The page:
Theatregoers get the extra treat of verisimilitude by traveling to the reception venue and guided across the street by Tony himself (the deft and delightful Mitchell Conti.) Minds may be blown when guests step across the threshold of “Vinnie Black’s Coliseum,” because this entirely fictional restaurant feels like the real deal. Chicago Theatre Works’ space has been painstakingly converted into an Italian restaurant, replete with portraits of Sinatra and the old country. The charismatic Brian Noonan makes his way around the reception, every bit embodying restaurateur Vinnie Black with his congeniality and joyously cliched standup jokes, making each guest feel right at home. The illusion is so complete, the attention to detail so great, that a cute throwaway joke about Rod Blagojevich being a family friend becomes an even more hilarious Easter egg in one of the hilariously photoshopped framed photos of celebrity guests (Noonan smiles with Blago, Jackie Chan, Johnny Depp and many more).
Something blue is the humor. It is often sophomoric, but almost always sidesplitting. The cast brings a jaunty joie de vivre to their every line. Marssie Marcotti’s Grandma Nunzio soils herself during the ceremony, then appears to have a heart attack during the reception. Affable horndog widower Tony Nunzio Sr. (the likable Tommy Taylor) brings stripper Madeline Monroe (the inimitable Jessica Scott) as his date, who begins to put on a show at the reception.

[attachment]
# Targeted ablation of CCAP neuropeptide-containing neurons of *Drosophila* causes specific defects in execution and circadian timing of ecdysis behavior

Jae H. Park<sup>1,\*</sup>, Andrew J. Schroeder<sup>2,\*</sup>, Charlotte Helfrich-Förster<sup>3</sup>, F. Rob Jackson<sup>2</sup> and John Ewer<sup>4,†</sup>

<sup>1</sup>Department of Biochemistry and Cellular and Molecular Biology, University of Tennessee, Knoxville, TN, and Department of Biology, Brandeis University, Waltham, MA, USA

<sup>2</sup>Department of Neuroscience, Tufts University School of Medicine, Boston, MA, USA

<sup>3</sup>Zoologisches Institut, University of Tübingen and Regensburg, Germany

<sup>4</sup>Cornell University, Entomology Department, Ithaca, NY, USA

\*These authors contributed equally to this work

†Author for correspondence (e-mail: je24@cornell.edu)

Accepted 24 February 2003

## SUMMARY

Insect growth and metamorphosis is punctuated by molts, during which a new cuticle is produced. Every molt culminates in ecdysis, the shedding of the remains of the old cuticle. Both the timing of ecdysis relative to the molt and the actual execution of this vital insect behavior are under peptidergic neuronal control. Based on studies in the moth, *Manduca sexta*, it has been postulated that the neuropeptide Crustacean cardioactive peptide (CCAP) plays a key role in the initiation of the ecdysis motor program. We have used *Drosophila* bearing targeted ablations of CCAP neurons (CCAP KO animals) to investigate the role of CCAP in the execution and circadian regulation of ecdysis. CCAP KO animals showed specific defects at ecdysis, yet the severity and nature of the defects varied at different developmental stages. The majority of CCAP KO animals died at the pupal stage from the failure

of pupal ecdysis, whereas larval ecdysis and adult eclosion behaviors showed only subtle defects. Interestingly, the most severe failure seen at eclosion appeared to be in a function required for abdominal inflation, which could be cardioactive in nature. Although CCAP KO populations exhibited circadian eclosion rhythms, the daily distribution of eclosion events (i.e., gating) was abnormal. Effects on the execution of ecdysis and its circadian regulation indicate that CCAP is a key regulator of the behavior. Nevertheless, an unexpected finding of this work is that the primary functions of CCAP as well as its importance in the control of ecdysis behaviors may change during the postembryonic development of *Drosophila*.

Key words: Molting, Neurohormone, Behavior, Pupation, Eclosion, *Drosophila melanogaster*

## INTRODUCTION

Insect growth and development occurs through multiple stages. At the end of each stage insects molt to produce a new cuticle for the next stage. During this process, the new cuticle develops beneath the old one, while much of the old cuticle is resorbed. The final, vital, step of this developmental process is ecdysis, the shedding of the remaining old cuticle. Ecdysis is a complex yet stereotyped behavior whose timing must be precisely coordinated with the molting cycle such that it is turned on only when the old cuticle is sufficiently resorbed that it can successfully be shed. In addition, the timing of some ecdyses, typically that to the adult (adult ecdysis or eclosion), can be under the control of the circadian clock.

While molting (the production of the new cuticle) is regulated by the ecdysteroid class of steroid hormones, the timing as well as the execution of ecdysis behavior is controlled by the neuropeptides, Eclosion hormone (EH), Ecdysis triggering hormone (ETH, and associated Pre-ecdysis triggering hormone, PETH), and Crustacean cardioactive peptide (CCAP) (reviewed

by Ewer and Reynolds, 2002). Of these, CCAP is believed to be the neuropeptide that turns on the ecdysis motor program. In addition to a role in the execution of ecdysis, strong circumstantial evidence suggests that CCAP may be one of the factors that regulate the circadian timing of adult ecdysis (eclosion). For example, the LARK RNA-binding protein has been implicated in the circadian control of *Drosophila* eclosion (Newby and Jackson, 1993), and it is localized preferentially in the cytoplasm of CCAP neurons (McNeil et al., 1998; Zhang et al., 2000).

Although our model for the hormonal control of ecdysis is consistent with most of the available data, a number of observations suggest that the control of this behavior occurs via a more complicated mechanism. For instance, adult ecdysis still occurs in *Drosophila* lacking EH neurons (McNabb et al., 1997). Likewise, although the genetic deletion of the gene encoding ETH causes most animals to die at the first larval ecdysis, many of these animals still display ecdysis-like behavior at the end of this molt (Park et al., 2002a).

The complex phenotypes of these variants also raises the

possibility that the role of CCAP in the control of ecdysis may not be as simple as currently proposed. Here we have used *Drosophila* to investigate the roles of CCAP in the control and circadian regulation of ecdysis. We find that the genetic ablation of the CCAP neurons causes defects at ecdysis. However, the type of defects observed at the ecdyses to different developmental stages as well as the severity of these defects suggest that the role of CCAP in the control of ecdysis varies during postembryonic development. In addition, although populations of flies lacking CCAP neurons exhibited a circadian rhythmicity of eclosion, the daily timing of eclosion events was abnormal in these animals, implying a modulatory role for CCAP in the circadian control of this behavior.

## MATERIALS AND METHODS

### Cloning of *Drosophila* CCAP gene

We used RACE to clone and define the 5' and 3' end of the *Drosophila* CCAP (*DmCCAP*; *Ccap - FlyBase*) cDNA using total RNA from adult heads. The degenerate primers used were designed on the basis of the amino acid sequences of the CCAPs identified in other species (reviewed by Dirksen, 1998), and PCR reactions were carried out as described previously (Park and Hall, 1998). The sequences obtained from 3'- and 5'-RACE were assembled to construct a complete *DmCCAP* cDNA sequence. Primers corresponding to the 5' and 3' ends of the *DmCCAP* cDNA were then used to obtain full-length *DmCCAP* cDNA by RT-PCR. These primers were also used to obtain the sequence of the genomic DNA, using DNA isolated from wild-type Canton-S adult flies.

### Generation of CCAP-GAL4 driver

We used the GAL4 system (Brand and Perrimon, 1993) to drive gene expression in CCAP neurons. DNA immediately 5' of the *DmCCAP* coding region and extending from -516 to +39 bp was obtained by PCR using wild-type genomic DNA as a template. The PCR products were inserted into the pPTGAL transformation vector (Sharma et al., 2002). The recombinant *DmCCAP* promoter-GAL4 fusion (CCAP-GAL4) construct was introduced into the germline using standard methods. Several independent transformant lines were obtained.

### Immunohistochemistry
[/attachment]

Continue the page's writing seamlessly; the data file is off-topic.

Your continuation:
Serena Pomerantz, the emo Nikki Black, plays the organ and tells you “Meat is Murder” as she serves you Italian sausage. Michah Spayer shines as sleazy showboat Donny Dulce, lasciviously singing at this high-watt wedding. Tony’s groomsmen perform ‘YMCA’ in full Village People regalia. Shirts are removed and thrown into the audience. Billy Minshall is the alcoholic Father Mark, a priest with a problem plopping down at your table: “So how long d’you think it’ll last? I give it a year. I hear their confessions.” Alisha Fabbi is cousin Terry, soon to be Sister Albert Maria, wary and clutching her crucifix at first but gradually giving way to the bacchanalia, and giving us the incredible hymn, “Jesus Is Just Alright With Me”.
There’s a heap of hilarity, but there are also compelling moments. Fights between Tina (played with a charming, utter lack of pretention by Hannah Aaron Brown) and her bridesmaids are resolved. She shares a dance with her brother Joey (the handsome Ryan Milord) in place of her late father. Matt Bausone is a renegade in need of redemption as Michael Just, Tina’s ex-boyfriend. His relapse into alcoholism as the evening wears on is so sad, it almost makes you forget that his first line (after bursting in, late, at the backdoor of the church) is “Me and Tina used to bang!” There is heart behind the hilarity, and that makes this a night to remember. There are far too many fantastic moments, so much good work by the cast, that it would be impossible to enumerate everything in a review. It can only be done justice by attending this ball-to-the-wall bash yourself.
Take a vow to see this Tony n’ Tina’s Wedding.
Chicago Theater Works presents “Tony n’ Tina’s Wedding” through December 30 with the ceremony at Resurrection Church (3309 North Seminary) and reception featuring an Italian-style buffet dinner, dancing to 80’s hits and a champagne toast at 1113 Belmont Ave. More information and tickets ($75 to $85) are available here.